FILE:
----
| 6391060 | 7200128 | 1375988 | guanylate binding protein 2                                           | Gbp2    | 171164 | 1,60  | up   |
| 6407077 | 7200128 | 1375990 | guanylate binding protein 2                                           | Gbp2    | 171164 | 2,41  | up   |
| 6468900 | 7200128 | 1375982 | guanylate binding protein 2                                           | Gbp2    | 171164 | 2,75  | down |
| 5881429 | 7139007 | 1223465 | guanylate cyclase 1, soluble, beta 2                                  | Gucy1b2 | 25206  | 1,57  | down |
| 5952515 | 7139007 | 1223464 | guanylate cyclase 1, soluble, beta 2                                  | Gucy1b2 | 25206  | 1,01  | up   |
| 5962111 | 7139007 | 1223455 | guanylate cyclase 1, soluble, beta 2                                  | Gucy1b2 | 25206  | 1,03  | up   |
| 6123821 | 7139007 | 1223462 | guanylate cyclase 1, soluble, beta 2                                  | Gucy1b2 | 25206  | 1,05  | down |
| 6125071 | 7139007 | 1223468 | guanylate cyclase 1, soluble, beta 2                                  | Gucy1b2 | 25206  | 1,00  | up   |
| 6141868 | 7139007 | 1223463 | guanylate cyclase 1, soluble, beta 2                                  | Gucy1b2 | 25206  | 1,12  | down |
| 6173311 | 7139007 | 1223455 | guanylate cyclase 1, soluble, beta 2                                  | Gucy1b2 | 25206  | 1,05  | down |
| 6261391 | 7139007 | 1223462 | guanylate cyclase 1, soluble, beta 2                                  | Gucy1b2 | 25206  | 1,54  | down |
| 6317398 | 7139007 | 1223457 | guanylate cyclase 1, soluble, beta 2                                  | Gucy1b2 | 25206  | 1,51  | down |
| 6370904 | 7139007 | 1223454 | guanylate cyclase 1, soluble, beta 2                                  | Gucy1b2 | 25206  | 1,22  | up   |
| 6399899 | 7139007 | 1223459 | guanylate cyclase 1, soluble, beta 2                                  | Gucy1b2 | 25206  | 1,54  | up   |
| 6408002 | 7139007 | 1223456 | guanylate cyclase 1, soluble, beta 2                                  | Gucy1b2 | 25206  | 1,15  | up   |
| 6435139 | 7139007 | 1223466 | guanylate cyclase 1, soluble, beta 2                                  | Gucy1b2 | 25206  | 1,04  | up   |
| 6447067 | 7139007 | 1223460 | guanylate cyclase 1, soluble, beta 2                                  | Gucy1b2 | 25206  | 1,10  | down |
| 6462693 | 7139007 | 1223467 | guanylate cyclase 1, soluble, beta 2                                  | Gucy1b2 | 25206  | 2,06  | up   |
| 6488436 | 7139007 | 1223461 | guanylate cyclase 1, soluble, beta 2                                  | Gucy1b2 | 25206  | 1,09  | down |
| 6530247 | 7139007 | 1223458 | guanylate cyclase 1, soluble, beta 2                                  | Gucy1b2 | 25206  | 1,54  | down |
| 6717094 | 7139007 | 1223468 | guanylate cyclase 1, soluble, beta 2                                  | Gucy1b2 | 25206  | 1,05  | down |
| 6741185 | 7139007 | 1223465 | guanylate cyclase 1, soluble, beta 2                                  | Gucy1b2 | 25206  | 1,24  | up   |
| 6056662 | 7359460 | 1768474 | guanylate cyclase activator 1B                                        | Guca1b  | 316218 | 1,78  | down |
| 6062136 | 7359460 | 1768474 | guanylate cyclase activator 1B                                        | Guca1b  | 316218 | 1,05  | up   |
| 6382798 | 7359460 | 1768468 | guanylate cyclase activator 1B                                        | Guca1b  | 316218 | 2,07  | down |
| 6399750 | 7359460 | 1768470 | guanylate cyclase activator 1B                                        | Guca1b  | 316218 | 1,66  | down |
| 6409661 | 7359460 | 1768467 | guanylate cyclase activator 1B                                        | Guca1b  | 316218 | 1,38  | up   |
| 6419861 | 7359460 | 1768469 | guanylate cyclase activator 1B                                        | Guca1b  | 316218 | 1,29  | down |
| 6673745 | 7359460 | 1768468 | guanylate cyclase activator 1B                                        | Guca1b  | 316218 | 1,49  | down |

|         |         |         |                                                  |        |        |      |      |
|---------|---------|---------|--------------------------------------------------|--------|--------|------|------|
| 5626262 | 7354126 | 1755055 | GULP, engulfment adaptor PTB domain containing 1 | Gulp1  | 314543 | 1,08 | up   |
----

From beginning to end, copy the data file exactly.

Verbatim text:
| 6391060 | 7200128 | 1375988 | guanylate binding protein 2                                           | Gbp2    | 171164 | 1,60  | up   |
| 6407077 | 7200128 | 1375990 | guanylate binding protein 2                                           | Gbp2    | 171164 | 2,41  | up   |
| 6468900 | 7200128 | 1375982 | guanylate binding protein 2                                           | Gbp2    | 171164 | 2,75  | down |
| 5881429 | 7139007 | 1223465 | guanylate cyclase 1, soluble, beta 2                                  | Gucy1b2 | 25206  | 1,57  | down |
| 5952515 | 7139007 | 1223464 | guanylate cyclase 1, soluble, beta 2                                  | Gucy1b2 | 25206  | 1,01  | up   |
| 5962111 | 7139007 | 1223455 | guanylate cyclase 1, soluble, beta 2                                  | Gucy1b2 | 25206  | 1,03  | up   |
| 6123821 | 7139007 | 1223462 | guanylate cyclase 1, soluble, beta 2                                  | Gucy1b2 | 25206  | 1,05  | down |
| 6125071 | 7139007 | 1223468 | guanylate cyclase 1, soluble, beta 2                                  | Gucy1b2 | 25206  | 1,00  | up   |
| 6141868 | 7139007 | 1223463 | guanylate cyclase 1, soluble, beta 2                                  | Gucy1b2 | 25206  | 1,12  | down |
| 6173311 | 7139007 | 1223455 | guanylate cyclase 1, soluble, beta 2                                  | Gucy1b2 | 25206  | 1,05  | down |
| 6261391 | 7139007 | 1223462 | guanylate cyclase 1, soluble, beta 2                                  | Gucy1b2 | 25206  | 1,54  | down |
| 6317398 | 7139007 | 1223457 | guanylate cyclase 1, soluble, beta 2                                  | Gucy1b2 | 25206  | 1,51  | down |
| 6370904 | 7139007 | 1223454 | guanylate cyclase 1, soluble, beta 2                                  | Gucy1b2 | 25206  | 1,22  | up   |
| 6399899 | 7139007 | 1223459 | guanylate cyclase 1, soluble, beta 2                                  | Gucy1b2 | 25206  | 1,54  | up   |
| 6408002 | 7139007 | 1223456 | guanylate cyclase 1, soluble, beta 2                                  | Gucy1b2 | 25206  | 1,15  | up   |
| 6435139 | 7139007 | 1223466 | guanylate cyclase 1, soluble, beta 2                                  | Gucy1b2 | 25206  | 1,04  | up   |
| 6447067 | 7139007 | 1223460 | guanylate cyclase 1, soluble, beta 2                                  | Gucy1b2 | 25206  | 1,10  | down |
| 6462693 | 7139007 | 1223467 | guanylate cyclase 1, soluble, beta 2                                  | Gucy1b2 | 25206  | 2,06  | up   |
| 6488436 | 7139007 | 1223461 | guanylate cyclase 1, soluble, beta 2                                  | Gucy1b2 | 25206  | 1,09  | down |
| 6530247 | 7139007 | 1223458 | guanylate cyclase 1, soluble, beta 2                                  | Gucy1b2 | 25206  | 1,54  | down |
| 6717094 | 7139007 | 1223468 | guanylate cyclase 1, soluble, beta 2                                  | Gucy1b2 | 25206  | 1,05  | down |
| 6741185 | 7139007 | 1223465 | guanylate cyclase 1, soluble, beta 2                                  | Gucy1b2 | 25206  | 1,24  | up   |
| 6056662 | 7359460 | 1768474 | guanylate cyclase activator 1B                                        | Guca1b  | 316218 | 1,78  | down |
| 6062136 | 7359460 | 1768474 | guanylate cyclase activator 1B                                        | Guca1b  | 316218 | 1,05  | up   |
| 6382798 | 7359460 | 1768468 | guanylate cyclase activator 1B                                        | Guca1b  | 316218 | 2,07  | down |
| 6399750 | 7359460 | 1768470 | guanylate cyclase activator 1B                                        | Guca1b  | 316218 | 1,66  | down |
| 6409661 | 7359460 | 1768467 | guanylate cyclase activator 1B                                        | Guca1b  | 316218 | 1,38  | up   |
| 6419861 | 7359460 | 1768469 | guanylate cyclase activator 1B                                        | Guca1b  | 316218 | 1,29  | down |
| 6673745 | 7359460 | 1768468 | guanylate cyclase activator 1B                                        | Guca1b  | 316218 | 1,49  | down |

|         |         |         |                                                  |        |        |      |      |
|---------|---------|---------|--------------------------------------------------|--------|--------|------|------|
| 5626262 | 7354126 | 1755055 | GULP, engulfment adaptor PTB domain containing 1 | Gulp1  | 314543 | 1,08 | up   |